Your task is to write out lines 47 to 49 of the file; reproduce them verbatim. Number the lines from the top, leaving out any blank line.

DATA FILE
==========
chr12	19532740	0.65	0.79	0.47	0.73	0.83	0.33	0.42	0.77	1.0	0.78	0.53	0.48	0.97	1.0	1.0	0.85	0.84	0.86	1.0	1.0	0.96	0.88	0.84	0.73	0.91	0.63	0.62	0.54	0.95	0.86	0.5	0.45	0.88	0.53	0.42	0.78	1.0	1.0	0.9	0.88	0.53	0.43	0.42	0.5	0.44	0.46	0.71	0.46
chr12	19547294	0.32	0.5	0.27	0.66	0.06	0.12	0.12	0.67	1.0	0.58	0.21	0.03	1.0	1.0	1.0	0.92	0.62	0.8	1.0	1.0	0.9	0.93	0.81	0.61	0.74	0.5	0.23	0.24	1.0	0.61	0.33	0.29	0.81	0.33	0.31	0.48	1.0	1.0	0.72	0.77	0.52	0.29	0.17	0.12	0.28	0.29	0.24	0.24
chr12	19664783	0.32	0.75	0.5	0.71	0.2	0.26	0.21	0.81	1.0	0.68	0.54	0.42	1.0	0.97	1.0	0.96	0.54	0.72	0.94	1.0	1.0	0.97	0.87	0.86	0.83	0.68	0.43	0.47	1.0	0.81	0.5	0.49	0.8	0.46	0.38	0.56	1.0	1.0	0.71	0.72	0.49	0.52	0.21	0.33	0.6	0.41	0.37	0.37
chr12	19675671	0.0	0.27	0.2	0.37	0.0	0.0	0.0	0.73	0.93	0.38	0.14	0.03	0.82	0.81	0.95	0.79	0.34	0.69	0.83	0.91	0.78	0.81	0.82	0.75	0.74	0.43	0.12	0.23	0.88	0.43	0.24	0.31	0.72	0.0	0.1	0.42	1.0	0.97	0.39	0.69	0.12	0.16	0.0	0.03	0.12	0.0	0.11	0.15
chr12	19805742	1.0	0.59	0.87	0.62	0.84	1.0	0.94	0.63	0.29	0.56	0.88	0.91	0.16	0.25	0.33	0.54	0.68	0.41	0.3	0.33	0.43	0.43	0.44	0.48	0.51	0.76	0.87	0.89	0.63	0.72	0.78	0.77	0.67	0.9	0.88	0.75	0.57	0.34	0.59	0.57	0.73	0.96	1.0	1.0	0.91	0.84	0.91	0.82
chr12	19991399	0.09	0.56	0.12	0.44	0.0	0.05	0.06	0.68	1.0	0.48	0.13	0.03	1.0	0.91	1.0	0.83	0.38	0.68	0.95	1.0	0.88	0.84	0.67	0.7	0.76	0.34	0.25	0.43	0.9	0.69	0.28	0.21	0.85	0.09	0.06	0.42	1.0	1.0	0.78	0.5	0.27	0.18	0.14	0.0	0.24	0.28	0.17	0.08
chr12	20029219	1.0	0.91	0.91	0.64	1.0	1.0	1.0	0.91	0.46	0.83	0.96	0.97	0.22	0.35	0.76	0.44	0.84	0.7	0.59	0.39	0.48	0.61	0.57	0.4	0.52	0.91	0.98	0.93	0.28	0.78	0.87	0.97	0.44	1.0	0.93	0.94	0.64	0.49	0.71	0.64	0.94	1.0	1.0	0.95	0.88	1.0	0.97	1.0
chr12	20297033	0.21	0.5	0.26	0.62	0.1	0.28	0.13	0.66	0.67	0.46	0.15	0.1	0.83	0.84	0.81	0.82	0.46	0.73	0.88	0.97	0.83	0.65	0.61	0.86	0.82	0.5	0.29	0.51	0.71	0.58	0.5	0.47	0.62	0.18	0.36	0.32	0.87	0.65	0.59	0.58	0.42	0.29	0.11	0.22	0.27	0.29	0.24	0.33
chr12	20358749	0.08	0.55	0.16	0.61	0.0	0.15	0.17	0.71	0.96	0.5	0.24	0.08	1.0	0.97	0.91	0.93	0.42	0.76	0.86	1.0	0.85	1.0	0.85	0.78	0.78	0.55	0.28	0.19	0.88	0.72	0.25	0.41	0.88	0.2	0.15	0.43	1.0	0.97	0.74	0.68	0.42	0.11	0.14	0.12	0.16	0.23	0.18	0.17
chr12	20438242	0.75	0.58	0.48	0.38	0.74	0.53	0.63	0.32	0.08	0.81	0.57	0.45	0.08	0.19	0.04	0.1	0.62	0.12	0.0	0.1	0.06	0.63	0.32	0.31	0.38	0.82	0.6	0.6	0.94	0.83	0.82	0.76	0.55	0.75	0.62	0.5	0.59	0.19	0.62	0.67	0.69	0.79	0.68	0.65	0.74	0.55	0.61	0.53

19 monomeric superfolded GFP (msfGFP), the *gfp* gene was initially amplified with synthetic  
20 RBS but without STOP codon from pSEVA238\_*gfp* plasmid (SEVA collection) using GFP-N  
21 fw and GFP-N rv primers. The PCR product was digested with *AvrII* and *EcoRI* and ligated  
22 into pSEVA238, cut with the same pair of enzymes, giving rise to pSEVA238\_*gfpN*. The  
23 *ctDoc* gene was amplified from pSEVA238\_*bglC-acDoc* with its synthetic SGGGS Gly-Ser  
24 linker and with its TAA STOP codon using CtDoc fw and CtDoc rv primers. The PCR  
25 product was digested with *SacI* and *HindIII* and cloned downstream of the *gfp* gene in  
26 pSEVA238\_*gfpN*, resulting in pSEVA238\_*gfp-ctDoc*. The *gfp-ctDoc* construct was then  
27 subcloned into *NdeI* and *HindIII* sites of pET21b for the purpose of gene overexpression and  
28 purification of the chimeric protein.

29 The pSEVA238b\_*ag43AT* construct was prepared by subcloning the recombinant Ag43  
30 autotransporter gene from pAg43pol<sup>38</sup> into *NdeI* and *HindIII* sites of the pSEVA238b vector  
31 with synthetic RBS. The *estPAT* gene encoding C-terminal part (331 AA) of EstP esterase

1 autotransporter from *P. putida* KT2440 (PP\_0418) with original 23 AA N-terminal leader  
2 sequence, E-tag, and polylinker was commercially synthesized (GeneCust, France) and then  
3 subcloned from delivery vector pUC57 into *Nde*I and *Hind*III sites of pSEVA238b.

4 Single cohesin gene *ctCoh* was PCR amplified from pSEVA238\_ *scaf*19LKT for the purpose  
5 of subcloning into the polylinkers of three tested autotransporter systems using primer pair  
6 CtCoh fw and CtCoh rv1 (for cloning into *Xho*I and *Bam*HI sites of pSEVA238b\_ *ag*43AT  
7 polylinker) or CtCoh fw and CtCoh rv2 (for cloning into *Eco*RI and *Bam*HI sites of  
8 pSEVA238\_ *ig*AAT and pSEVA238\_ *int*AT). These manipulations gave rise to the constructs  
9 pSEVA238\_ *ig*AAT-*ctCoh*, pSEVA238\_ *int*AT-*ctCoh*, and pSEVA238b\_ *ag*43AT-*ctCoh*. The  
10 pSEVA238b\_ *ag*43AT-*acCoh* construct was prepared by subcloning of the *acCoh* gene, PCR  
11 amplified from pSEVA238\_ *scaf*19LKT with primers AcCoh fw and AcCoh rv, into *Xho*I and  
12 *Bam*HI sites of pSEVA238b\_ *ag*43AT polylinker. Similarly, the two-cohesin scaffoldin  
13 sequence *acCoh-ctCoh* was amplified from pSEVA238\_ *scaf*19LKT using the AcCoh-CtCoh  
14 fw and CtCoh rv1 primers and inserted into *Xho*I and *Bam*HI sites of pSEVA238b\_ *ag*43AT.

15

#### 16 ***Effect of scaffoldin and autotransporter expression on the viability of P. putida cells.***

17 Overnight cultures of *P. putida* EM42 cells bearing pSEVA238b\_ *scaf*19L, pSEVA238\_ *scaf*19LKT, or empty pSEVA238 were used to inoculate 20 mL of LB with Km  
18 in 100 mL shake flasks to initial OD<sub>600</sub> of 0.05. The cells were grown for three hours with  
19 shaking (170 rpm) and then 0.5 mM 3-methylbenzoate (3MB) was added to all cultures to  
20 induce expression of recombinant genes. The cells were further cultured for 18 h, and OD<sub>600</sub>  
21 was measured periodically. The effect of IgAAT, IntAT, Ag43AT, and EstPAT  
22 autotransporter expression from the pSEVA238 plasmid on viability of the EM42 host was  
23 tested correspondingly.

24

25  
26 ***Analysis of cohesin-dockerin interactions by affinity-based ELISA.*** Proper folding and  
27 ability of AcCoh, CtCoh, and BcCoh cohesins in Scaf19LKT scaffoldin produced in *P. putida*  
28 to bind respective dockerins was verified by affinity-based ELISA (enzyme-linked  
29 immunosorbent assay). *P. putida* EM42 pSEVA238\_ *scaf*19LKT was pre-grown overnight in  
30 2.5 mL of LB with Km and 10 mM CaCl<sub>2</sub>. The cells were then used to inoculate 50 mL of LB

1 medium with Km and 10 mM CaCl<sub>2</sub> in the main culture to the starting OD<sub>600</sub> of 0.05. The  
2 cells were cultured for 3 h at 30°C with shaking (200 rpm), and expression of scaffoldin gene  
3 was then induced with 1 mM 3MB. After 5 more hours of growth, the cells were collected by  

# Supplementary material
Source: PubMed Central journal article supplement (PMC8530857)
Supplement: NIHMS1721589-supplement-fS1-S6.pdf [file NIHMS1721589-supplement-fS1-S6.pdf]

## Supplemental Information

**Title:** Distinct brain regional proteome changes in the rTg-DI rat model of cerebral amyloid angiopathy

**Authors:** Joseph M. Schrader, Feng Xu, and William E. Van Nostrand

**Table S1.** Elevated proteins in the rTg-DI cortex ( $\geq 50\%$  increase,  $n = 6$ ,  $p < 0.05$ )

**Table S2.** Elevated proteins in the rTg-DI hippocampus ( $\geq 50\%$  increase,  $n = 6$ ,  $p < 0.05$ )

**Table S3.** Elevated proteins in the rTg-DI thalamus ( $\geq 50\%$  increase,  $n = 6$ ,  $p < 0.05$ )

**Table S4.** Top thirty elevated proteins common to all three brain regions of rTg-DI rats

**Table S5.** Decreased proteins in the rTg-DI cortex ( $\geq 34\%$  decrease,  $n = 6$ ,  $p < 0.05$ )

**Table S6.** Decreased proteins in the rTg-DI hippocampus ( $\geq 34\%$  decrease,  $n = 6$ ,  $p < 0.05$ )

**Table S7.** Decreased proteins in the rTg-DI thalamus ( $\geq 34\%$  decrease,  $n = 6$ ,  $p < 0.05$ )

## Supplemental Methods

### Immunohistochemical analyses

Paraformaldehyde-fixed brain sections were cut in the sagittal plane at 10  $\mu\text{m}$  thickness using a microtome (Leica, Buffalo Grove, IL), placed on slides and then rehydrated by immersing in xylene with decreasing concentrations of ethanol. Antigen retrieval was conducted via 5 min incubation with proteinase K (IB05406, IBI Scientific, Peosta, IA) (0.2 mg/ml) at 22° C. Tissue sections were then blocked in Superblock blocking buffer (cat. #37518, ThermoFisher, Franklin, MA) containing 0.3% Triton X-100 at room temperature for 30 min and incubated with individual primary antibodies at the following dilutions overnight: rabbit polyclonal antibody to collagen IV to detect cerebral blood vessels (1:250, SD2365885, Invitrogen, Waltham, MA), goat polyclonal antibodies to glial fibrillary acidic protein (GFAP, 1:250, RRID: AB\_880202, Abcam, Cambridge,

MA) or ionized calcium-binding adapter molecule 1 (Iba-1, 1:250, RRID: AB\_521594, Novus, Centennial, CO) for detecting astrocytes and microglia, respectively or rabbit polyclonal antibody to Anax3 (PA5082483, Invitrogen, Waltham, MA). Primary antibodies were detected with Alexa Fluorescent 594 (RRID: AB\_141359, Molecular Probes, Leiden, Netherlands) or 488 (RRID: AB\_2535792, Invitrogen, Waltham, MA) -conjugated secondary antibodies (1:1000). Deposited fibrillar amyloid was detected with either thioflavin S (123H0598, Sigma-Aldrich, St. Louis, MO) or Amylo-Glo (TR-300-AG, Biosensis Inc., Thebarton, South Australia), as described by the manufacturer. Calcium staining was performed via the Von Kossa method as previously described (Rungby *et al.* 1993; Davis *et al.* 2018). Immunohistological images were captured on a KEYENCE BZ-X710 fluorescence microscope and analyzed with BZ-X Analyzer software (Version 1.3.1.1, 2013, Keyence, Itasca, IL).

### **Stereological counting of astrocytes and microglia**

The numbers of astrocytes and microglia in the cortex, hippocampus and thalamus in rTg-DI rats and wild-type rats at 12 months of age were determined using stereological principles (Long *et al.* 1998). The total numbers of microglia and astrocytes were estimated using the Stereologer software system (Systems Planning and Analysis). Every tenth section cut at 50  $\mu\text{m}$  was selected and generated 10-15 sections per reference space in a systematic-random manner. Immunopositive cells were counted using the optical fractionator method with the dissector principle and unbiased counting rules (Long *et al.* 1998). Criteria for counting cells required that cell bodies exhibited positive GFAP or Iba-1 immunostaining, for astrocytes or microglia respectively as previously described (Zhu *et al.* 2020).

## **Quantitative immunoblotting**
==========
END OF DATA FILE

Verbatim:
24

25  
26 ***Analysis of cohesin-dockerin interactions by affinity-based ELISA.*** Proper folding and  